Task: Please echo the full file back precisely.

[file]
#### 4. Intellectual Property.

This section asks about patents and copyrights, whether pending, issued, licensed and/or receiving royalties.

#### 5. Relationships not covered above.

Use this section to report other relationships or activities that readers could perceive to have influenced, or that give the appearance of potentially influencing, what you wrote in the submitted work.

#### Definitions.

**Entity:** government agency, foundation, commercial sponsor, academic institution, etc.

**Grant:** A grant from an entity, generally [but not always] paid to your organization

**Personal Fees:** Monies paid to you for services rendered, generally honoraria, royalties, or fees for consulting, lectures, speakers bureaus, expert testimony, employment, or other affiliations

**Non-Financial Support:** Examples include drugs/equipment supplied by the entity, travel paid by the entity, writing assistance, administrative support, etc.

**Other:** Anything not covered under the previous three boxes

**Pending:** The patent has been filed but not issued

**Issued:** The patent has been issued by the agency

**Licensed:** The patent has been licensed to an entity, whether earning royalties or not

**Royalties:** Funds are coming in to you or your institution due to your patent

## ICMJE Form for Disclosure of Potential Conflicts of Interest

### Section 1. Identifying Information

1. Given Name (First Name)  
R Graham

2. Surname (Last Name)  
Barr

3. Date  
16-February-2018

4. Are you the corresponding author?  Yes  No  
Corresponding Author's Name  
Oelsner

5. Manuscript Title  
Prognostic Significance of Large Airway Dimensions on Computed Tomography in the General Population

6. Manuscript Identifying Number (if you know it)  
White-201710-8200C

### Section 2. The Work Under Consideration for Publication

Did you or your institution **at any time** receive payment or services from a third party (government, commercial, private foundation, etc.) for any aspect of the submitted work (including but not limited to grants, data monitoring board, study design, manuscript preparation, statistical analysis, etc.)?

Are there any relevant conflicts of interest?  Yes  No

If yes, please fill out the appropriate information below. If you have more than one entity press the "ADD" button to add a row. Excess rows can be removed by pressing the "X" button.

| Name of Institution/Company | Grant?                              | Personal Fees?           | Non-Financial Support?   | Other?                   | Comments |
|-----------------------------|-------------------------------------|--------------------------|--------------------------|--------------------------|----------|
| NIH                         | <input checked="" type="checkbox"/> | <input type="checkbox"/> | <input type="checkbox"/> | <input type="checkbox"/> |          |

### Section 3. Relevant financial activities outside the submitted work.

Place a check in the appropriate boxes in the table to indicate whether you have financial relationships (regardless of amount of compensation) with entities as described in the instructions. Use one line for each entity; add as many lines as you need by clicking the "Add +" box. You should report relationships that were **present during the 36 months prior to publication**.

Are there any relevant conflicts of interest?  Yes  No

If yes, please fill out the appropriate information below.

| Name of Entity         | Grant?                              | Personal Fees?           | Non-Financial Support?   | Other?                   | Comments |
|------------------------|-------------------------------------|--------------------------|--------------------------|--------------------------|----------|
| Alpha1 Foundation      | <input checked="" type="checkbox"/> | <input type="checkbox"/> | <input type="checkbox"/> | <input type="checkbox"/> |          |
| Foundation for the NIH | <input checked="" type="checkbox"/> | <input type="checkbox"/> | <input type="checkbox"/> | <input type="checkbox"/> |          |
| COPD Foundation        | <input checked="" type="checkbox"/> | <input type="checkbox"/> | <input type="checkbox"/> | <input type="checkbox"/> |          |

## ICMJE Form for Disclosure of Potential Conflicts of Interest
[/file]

#### 4. Intellectual Property.

This section asks about patents and copyrights, whether pending, issued, licensed and/or receiving royalties.

#### 5. Relationships not covered above.

Use this section to report other relationships or activities that readers could perceive to have influenced, or that give the appearance of potentially influencing, what you wrote in the submitted work.

#### Definitions.

**Entity:** government agency, foundation, commercial sponsor, academic institution, etc.

**Grant:** A grant from an entity, generally [but not always] paid to your organization

**Personal Fees:** Monies paid to you for services rendered, generally honoraria, royalties, or fees for consulting, lectures, speakers bureaus, expert testimony, employment, or other affiliations

**Non-Financial Support:** Examples include drugs/equipment supplied by the entity, travel paid by the entity, writing assistance, administrative support, etc.

**Other:** Anything not covered under the previous three boxes

**Pending:** The patent has been filed but not issued

**Issued:** The patent has been issued by the agency

**Licensed:** The patent has been licensed to an entity, whether earning royalties or not

**Royalties:** Funds are coming in to you or your institution due to your patent

## ICMJE Form for Disclosure of Potential Conflicts of Interest

### Section 1. Identifying Information

1. Given Name (First Name)  
R Graham

2. Surname (Last Name)  
Barr

3. Date  
16-February-2018

4. Are you the corresponding author?  Yes  No  
Corresponding Author's Name  
Oelsner

5. Manuscript Title  
Prognostic Significance of Large Airway Dimensions on Computed Tomography in the General Population

6. Manuscript Identifying Number (if you know it)  
White-201710-8200C

### Section 2. The Work Under Consideration for Publication

Did you or your institution **at any time** receive payment or services from a third party (government, commercial, private foundation, etc.) for any aspect of the submitted work (including but not limited to grants, data monitoring board, study design, manuscript preparation, statistical analysis, etc.)?

Are there any relevant conflicts of interest?  Yes  No

If yes, please fill out the appropriate information below. If you have more than one entity press the "ADD" button to add a row. Excess rows can be removed by pressing the "X" button.

| Name of Institution/Company | Grant?                              | Personal Fees?           | Non-Financial Support?   | Other?                   | Comments |
|-----------------------------|-------------------------------------|--------------------------|--------------------------|--------------------------|----------|
| NIH                         | <input checked="" type="checkbox"/> | <input type="checkbox"/> | <input type="checkbox"/> | <input type="checkbox"/> |          |

### Section 3. Relevant financial activities outside the submitted work.

Place a check in the appropriate boxes in the table to indicate whether you have financial relationships (regardless of amount of compensation) with entities as described in the instructions. Use one line for each entity; add as many lines as you need by clicking the "Add +" box. You should report relationships that were **present during the 36 months prior to publication**.

Are there any relevant conflicts of interest?  Yes  No

If yes, please fill out the appropriate information below.

| Name of Entity         | Grant?                              | Personal Fees?           | Non-Financial Support?   | Other?                   | Comments |
|------------------------|-------------------------------------|--------------------------|--------------------------|--------------------------|----------|
| Alpha1 Foundation      | <input checked="" type="checkbox"/> | <input type="checkbox"/> | <input type="checkbox"/> | <input type="checkbox"/> |          |
| Foundation for the NIH | <input checked="" type="checkbox"/> | <input type="checkbox"/> | <input type="checkbox"/> | <input type="checkbox"/> |          |
| COPD Foundation        | <input checked="" type="checkbox"/> | <input type="checkbox"/> | <input type="checkbox"/> | <input type="checkbox"/> |          |

## ICMJE Form for Disclosure of Potential Conflicts of Interest